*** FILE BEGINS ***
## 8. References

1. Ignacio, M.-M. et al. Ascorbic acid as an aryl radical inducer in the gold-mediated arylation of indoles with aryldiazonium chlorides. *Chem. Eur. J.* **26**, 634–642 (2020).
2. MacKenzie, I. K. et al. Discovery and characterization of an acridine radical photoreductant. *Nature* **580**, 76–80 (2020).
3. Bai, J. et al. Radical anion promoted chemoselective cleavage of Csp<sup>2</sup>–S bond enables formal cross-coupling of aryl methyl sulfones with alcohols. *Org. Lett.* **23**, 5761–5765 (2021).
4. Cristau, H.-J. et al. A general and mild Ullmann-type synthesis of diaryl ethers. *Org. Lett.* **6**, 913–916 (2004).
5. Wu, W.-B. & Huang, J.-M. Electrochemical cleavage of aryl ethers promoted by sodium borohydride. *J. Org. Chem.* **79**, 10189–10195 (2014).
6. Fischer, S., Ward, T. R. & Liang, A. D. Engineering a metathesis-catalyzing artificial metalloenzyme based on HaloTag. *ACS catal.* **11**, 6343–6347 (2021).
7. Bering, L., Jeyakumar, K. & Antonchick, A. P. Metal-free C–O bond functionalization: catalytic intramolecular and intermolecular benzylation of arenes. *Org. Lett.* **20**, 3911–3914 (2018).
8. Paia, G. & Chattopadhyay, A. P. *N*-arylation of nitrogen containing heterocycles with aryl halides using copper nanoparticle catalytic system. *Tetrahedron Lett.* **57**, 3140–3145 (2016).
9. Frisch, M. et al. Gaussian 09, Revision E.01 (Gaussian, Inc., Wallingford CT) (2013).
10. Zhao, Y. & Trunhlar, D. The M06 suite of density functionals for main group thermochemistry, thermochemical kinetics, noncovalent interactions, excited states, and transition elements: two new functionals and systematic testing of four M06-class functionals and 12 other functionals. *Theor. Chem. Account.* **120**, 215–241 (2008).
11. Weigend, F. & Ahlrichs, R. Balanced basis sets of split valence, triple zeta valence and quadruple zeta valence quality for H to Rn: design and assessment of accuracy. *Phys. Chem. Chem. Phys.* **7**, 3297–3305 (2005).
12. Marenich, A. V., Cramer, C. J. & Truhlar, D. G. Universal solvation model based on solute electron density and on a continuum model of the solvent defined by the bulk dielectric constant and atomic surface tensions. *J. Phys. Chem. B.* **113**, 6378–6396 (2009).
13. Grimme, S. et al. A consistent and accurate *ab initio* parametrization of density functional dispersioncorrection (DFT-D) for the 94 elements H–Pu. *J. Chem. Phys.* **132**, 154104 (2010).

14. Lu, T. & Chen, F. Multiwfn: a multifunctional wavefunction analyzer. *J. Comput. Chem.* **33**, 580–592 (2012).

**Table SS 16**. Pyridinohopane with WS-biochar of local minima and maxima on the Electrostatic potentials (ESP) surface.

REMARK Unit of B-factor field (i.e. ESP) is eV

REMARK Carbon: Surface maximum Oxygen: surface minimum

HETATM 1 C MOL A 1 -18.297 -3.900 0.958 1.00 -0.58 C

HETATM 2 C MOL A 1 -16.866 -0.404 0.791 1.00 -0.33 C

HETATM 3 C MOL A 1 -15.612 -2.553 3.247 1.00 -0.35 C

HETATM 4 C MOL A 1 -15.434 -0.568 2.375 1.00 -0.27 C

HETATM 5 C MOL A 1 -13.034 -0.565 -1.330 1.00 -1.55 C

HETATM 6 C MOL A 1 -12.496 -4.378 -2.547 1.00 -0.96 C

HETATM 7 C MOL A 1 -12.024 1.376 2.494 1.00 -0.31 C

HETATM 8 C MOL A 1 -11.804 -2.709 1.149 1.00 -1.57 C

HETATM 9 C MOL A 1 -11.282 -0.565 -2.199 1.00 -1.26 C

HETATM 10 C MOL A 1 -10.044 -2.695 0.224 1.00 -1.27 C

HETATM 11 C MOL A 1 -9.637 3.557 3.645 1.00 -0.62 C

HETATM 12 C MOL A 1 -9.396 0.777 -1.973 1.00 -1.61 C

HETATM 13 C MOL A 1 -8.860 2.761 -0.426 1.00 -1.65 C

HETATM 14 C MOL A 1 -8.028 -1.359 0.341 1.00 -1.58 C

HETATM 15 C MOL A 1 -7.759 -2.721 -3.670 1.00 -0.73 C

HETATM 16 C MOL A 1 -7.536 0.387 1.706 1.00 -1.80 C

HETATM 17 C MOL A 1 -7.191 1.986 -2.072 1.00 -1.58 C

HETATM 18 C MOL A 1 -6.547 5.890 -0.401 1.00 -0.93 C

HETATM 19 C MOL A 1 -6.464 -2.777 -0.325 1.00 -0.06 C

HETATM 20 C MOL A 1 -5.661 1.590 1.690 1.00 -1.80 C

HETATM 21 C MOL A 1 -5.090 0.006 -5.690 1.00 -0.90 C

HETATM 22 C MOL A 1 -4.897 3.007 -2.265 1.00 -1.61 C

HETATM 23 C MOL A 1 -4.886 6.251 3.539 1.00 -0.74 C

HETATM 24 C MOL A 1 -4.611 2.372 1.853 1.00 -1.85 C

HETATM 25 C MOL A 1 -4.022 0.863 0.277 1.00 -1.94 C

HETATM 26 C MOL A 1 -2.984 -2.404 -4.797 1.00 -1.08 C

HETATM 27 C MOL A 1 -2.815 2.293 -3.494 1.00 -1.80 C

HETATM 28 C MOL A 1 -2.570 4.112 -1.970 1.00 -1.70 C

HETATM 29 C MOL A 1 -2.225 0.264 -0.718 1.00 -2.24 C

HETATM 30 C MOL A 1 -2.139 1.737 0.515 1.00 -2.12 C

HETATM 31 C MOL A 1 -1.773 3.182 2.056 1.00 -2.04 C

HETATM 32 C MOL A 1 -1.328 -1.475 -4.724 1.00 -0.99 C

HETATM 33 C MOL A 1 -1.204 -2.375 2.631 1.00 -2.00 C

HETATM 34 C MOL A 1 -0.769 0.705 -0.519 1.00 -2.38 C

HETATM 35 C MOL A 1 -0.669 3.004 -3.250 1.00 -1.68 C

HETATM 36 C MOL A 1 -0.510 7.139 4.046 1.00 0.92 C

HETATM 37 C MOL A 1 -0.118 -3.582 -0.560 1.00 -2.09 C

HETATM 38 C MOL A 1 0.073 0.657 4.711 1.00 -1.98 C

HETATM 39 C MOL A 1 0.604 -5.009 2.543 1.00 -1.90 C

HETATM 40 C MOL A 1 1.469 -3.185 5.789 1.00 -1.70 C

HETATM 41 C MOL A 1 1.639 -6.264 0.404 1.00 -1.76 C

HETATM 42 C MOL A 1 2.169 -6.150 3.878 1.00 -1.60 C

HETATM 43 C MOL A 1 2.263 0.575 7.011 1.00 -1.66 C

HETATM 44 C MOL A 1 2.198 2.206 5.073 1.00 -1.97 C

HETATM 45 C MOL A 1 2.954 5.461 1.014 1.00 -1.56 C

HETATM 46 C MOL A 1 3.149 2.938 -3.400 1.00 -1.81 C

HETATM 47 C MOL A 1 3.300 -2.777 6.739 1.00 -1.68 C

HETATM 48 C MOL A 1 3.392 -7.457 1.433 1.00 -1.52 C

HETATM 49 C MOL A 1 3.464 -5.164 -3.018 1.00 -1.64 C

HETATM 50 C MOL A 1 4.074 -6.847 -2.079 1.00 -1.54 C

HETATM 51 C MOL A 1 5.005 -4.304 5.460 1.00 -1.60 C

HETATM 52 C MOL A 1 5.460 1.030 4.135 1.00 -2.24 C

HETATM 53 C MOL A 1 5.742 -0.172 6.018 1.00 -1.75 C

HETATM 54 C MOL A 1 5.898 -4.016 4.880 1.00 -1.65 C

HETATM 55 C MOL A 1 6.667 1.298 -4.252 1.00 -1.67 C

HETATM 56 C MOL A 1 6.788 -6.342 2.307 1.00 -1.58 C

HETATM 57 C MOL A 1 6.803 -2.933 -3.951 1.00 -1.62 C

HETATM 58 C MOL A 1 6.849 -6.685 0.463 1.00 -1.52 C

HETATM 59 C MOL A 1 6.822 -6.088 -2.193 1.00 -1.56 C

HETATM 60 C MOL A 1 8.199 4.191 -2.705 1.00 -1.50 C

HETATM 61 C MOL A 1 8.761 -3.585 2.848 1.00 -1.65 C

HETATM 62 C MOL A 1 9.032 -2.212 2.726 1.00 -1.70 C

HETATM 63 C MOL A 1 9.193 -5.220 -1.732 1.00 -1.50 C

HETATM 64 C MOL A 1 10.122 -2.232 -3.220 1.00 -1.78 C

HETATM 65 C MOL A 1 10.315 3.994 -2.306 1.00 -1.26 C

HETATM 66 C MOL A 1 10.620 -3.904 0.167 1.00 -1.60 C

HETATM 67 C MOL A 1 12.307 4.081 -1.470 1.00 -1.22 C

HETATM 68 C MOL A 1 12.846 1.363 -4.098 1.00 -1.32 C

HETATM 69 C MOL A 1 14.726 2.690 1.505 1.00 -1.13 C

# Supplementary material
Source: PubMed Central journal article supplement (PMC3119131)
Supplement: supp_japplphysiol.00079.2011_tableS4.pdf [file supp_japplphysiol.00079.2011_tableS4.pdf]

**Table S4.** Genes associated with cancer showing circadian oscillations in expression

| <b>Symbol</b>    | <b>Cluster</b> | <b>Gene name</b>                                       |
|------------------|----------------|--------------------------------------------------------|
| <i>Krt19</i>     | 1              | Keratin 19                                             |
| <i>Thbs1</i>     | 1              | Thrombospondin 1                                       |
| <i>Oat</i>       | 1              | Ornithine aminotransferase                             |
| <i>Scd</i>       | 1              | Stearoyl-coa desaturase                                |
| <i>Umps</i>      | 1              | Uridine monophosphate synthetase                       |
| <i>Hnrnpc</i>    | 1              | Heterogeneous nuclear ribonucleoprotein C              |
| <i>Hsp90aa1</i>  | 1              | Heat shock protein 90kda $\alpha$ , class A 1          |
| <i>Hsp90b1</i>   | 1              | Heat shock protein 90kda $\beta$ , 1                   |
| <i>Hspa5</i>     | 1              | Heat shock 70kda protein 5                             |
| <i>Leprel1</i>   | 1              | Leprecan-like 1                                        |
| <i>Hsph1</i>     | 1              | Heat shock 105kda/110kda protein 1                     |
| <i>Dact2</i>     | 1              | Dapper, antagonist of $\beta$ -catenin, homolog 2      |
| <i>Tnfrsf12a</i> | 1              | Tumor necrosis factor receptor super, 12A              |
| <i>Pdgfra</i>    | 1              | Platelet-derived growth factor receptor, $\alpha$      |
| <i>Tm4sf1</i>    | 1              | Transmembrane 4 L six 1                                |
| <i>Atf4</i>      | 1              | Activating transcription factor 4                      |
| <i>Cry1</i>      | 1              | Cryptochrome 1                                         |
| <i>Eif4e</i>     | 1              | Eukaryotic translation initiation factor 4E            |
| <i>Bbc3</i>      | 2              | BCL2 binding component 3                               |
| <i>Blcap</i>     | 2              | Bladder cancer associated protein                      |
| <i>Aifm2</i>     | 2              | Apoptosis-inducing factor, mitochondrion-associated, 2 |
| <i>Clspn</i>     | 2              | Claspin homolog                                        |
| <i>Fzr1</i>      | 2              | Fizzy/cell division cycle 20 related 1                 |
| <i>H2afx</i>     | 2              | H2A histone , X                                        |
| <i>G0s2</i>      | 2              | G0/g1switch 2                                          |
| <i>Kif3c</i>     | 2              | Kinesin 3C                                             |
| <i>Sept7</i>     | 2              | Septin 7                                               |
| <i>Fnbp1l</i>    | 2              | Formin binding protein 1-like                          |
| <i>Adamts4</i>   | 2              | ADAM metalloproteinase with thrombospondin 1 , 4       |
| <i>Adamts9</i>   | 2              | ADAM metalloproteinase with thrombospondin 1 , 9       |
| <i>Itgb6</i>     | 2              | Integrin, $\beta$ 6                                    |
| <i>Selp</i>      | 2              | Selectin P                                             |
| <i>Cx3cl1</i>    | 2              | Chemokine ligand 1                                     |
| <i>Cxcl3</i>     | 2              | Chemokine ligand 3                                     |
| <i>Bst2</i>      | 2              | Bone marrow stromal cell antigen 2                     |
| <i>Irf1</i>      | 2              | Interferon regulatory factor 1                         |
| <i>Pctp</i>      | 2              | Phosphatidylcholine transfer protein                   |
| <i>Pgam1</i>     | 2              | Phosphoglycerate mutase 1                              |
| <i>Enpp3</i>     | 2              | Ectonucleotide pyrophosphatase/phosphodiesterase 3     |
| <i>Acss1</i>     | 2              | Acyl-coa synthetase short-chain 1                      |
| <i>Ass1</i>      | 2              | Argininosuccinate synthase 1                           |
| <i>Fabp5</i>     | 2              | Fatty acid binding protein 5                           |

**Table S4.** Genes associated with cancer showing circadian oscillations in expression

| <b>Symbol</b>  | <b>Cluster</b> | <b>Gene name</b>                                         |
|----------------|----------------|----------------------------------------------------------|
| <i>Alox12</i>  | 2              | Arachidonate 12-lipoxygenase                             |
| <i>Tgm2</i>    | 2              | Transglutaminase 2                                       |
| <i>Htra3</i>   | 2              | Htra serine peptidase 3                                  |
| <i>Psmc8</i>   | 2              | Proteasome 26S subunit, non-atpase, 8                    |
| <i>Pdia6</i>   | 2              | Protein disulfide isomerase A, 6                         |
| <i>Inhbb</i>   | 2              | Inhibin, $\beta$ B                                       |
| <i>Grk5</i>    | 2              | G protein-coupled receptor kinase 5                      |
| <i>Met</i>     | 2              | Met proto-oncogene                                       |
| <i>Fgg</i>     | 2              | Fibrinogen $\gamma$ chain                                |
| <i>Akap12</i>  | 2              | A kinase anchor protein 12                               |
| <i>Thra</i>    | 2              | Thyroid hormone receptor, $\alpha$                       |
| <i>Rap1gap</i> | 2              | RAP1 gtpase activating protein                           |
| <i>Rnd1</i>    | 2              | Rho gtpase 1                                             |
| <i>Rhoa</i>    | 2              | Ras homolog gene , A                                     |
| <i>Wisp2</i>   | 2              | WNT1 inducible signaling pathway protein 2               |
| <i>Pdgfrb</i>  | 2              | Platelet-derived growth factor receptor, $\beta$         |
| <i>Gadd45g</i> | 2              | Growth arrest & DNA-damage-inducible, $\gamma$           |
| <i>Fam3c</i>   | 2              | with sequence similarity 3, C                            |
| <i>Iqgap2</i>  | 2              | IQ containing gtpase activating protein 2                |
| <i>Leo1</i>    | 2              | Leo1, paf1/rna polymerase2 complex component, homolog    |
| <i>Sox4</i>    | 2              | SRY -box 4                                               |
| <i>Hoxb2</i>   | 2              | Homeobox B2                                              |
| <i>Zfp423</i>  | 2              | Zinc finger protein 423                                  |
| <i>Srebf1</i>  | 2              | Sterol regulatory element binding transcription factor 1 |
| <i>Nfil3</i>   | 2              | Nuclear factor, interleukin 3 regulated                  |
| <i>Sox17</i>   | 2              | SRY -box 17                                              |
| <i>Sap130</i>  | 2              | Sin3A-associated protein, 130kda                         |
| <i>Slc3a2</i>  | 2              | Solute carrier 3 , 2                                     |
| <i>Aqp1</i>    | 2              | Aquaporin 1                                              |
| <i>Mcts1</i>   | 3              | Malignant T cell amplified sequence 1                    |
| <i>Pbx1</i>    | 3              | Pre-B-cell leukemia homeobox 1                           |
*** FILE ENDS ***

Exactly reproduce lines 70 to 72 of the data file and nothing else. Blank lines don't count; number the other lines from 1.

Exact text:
HETATM 52 C MOL A 1 5.460 1.030 4.135 1.00 -2.24 C

HETATM 53 C MOL A 1 5.742 -0.172 6.018 1.00 -1.75 C

HETATM 54 C MOL A 1 5.898 -4.016 4.880 1.00 -1.65 C